Commemoration of some of the contemporary learned men and grandees, who were on social terms with the Author.

I MUST now commemorate the number of gran­dees who were on a friendly footing with me, who died either shortly before the siege of Ispha­han, or during that calamity. One of them was the learned Mawla, Mirza Abd Allah, commonly called Efendi. He was skilled in the usual sciences, and was very much followed. Having built a college near his own mansion in Isphahan, he employed himself in teaching, and had his for­tune made.* He had been in Constantinople, and the learned men of that place had become acquainted with his gift of knowledge. Accord­ing to their usage, they bestowed on him the title of Efendi, by which he was ever after known. In regard to me his kindness was complete. He departed from life a short time before the disturbance in Isphahan.

Another was the excellent Seyyid, Mir Moham­med Sâlih, Sheikh Al Islâm, a native of the capital. His knowledge comprehended the whole circle of legal sciences, and he passed through life honoured and respected. His decease took place before the revolution. Some of his children, also, were adorned with the jewels of knowledge and virtue, and were united in friendship with me. They died about the time of writing this.

Another was the learned Seyyid, Mir Moham­med Bâkir, son and successor of Mir Ismail Hoseini Isphahani. He was one of the most famous doctors, and in the reign of the late Soltân held high rank and dignity. The management of the classes in the royal college was committed to his charge, and he employed himself in teaching. His death happened a little before the distressing occurrence at Isphahan.

Another, a pillar of Mojtahids, was Mawlana Beha Eddin Mohammed, a native of Isphahan. He had long been devoted to the employment of communicating the precepts of law and religion, and of exhorting to the performance of religious and moral duties. In points and disputes of law he was the resort of his contemporaries; and in conduct and manner was most praise-worthy. On my poor self he was pleased to bestow much kindness and attention. Having been when a child with his father in India, he was known by the title of the Learned Indian. He passed hence a little while before the revolution at Isphahan.

Another, a noble Seyyid, was Mirza Dâoud, son and successor of the late Mirza Abd Allah. He was of the great lords of power, and on the side of his grandmother was related to the high Safa­vean family. He was particularly distinguished by affinity with the late Soltân, and had the honour conferred on him of being made governor of Meshed, the holy cemetery of Rizâ. He was characterised for benignity of disposition, and was rendered famous by his poetical effusions. Adorned with the ornaments of apparent and ideal perfections, he held his course of life in honour and magnificence; until, at the approach of the calamity so often mentioned, he departed to the world of perpetuity.

Another was Mirza Seyyid Riza Hasani, who was of the Hasanian lords of Isphahan; a family, which, since the remotest antiquity, has been among the greatest and most exalted of that city; the major part of the most eminent men in the world, and the most frequent occupation of the dignity of Sadr having belonged to that house. In regard to them and the Sâïdian family it has been said:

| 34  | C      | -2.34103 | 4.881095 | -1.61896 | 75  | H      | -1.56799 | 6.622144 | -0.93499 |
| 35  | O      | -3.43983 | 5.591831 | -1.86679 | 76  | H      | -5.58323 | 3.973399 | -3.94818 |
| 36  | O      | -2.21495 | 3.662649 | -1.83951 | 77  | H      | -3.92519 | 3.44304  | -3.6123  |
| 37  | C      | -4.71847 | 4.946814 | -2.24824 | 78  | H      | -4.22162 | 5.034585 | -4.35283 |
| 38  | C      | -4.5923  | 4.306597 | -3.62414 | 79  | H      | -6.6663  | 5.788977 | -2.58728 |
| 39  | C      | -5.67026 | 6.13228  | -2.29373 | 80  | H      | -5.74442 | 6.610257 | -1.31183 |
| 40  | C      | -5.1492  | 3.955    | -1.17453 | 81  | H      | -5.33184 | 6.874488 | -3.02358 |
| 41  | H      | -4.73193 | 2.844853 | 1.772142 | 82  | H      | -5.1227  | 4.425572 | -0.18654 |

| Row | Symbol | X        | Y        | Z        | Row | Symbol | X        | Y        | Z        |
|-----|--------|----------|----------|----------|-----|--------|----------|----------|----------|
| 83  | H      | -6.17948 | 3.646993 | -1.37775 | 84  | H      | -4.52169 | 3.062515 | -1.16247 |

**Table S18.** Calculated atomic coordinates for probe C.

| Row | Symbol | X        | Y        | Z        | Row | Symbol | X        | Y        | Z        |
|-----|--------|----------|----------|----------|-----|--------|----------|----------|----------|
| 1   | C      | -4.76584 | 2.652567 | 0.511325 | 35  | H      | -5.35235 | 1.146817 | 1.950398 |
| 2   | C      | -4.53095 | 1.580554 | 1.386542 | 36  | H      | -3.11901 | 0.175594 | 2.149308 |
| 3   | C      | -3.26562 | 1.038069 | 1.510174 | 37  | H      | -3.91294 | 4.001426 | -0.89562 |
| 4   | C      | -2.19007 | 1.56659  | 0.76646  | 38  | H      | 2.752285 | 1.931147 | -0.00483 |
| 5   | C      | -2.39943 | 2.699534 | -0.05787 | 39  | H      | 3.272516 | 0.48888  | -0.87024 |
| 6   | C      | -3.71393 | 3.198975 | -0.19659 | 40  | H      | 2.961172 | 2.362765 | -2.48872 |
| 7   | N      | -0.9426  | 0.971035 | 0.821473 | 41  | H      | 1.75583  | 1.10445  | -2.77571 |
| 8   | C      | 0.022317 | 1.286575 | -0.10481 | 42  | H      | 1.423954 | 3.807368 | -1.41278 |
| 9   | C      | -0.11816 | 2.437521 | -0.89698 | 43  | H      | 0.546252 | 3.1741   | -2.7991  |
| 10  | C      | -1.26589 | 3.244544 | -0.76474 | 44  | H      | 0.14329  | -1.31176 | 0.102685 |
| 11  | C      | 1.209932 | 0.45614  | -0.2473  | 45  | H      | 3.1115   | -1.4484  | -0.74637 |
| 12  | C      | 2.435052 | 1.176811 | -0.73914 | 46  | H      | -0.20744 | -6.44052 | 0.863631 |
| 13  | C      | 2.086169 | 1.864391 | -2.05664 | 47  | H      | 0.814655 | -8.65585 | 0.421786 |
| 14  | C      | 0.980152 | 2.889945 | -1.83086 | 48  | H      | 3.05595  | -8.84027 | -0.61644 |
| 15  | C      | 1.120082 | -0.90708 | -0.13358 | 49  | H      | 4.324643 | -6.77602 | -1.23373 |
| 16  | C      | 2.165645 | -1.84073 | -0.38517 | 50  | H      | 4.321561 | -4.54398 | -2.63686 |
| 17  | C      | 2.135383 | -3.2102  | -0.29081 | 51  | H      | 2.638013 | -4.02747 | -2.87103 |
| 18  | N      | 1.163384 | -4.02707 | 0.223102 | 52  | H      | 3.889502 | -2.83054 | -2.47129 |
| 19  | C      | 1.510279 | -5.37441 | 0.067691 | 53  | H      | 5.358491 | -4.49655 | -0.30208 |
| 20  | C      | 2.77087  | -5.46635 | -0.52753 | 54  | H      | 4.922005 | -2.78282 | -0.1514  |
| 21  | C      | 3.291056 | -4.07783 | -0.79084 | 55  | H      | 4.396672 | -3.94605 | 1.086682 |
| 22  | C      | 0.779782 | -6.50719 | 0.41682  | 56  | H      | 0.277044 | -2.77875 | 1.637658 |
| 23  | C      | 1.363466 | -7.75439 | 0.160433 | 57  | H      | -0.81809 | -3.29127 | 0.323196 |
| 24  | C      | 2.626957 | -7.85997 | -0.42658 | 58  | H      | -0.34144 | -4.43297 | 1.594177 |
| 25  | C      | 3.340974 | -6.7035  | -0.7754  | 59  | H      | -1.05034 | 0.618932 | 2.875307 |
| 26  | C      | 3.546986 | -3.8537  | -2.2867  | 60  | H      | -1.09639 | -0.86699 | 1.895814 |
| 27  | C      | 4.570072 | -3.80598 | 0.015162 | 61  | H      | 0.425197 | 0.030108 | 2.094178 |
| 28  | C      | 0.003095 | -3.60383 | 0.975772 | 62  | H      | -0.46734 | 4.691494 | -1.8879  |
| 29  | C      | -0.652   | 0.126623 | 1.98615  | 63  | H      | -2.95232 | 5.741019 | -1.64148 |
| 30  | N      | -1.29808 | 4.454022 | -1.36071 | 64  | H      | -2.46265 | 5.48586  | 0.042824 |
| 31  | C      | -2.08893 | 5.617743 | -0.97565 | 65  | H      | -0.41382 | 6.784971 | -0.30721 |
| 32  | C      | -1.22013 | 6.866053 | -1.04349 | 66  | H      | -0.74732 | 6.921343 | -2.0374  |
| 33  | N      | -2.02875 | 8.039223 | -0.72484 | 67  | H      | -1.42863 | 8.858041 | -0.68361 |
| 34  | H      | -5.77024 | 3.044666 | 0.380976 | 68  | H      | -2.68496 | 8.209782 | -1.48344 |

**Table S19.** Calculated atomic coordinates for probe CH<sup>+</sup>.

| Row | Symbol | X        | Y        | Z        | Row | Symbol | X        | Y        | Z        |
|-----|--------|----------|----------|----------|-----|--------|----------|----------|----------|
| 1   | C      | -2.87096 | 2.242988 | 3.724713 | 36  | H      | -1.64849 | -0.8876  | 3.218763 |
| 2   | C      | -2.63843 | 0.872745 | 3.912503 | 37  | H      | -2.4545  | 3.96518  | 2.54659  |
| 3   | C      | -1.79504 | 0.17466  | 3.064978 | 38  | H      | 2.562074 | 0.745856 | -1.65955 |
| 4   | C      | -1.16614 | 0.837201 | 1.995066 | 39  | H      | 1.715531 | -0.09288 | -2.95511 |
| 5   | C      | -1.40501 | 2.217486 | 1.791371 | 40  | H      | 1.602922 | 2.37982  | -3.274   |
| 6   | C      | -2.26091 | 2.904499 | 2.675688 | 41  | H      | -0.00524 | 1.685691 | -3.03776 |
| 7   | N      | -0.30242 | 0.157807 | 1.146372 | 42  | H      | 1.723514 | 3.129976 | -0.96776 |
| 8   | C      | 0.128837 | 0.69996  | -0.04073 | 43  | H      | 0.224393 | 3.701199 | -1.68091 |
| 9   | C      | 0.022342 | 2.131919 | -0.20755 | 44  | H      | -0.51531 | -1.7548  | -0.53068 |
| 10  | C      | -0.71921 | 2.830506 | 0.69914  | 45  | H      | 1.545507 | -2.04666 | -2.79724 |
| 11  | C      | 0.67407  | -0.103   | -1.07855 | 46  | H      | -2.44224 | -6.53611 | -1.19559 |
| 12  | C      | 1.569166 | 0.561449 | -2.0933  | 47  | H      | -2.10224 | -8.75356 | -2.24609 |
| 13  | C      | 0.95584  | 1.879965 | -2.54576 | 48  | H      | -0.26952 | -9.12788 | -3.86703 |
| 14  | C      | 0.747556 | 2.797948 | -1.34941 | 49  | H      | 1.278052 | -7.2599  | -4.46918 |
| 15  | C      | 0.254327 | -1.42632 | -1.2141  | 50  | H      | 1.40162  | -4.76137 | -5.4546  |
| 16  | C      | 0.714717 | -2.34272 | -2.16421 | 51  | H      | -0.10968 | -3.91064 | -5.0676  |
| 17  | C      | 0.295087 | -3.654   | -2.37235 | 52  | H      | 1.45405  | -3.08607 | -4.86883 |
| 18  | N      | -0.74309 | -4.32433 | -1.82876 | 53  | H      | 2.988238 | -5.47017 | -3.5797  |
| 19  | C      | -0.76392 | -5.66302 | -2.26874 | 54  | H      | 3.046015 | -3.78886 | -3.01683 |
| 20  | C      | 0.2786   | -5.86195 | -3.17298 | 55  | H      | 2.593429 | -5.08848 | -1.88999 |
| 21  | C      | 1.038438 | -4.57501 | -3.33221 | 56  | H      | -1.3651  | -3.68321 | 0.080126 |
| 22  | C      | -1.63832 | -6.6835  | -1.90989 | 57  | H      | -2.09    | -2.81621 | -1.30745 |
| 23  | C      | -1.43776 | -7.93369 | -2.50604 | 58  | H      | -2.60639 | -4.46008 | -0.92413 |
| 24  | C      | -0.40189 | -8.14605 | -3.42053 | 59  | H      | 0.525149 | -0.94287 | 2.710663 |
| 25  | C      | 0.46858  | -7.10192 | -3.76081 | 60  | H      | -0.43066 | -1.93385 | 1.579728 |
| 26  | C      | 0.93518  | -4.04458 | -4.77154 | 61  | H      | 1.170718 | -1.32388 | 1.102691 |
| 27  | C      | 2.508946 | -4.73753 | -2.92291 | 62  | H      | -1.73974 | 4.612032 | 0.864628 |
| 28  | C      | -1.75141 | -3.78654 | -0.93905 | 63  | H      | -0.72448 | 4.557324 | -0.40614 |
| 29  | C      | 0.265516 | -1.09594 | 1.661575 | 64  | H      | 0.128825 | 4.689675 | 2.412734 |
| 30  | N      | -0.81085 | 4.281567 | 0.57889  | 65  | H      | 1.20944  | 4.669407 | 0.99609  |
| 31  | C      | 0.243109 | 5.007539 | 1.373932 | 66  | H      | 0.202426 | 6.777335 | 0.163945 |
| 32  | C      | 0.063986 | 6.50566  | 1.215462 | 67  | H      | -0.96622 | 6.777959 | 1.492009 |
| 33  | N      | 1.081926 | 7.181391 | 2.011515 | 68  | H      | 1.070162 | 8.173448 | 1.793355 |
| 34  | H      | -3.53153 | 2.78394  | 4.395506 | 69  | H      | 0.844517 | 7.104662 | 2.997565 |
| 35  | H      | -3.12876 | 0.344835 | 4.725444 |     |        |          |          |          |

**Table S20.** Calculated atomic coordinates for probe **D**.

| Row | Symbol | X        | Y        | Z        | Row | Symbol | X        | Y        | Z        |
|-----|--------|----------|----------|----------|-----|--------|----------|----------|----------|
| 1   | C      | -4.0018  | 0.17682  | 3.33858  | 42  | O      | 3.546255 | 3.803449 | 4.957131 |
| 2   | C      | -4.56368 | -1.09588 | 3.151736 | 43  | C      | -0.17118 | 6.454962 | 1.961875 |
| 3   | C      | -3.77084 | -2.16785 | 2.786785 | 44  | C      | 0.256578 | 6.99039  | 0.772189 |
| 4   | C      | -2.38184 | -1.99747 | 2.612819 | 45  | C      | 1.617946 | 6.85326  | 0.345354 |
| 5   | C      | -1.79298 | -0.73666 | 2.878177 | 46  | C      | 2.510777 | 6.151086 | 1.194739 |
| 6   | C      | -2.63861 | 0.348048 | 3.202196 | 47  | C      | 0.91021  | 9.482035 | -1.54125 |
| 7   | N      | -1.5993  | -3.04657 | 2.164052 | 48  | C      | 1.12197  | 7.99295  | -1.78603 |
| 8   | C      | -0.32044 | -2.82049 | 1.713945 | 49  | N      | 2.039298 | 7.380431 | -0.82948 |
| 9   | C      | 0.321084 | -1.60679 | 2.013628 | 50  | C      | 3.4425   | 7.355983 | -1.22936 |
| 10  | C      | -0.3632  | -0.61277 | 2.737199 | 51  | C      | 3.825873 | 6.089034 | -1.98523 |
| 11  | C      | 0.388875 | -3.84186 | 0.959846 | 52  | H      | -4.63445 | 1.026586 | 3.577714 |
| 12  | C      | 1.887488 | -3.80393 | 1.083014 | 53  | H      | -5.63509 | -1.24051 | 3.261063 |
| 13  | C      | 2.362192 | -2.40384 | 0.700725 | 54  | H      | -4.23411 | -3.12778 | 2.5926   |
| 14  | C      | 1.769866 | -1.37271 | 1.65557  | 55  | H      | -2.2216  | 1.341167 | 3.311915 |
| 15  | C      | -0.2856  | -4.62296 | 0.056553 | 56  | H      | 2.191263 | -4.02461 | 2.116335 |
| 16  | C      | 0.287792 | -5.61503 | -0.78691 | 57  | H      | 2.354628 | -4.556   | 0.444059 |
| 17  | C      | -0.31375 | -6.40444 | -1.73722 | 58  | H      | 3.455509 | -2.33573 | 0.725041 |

Mir, or Lord, of the Mirânies and Sâïdies;
King of India, and king to note.

This Seyyid was remarkable among his contem­poraries for florid openness of temper and dispo­sition. He held his course of life in honour and respectability; and towards me his friendship and affection were boundless. His death hap­pened near the revolution.

Another, eminent for his writings, was Mirza Kemâl Eddin Hosein of Fasa, who was one of my instructors. During the time of the siege, and at an advanced age, he repaired to the divine mercy.

Another, a wise philosopher, a collector of excellences and a resort of learned men, was Maw­lâna Hamzehi of Gilan, who was one of the great­est scholars of the great philosopher Mawlâna Mohammed Sâdic of Ardistân, on whom be mercy! and was also one of my sincerest friends. His decease happened during the latter days of the siege.

Another was Mawlâna Mohammed Riza, son and successor of the late Mawlâna Mohammed Bakir Majlisi. Apparelled with the ornaments of science and laudable morality he employed himself in giving lectures, and was characterised for elevation and dignity of thought. He died during the calamity, together with his two noble brothers, and a multitude of children and near relations, who were all numbered among my associates and firm friends.

Another was the virtuous Mawla, Mawlâna Mohammed Taki of Tabas, one of the most famous scholars of his time, and in the various sciences endued with vast ability. He had chosen his abode at Isphahan, and there employed himself in the business of instruction. It was during the disturbance that he was united to the mercy of God.

Another was the great and illustrious Mirzâdeh Mostafa Coli Khan, son and successor of the Amir Ol Omara Saro Khan; whose laudable qualities, praise-worthy morals, and superior capacity it is impossible for me to describe. His condescension and friendship towards me knew no bounds. Having arrived at the dignity of his father, he was honoured with the degree of martyrdom at the the hands of the Afghans.

As I have now given a short account of these matters, I will return to my former discourse, and detail the remainder of my adventures.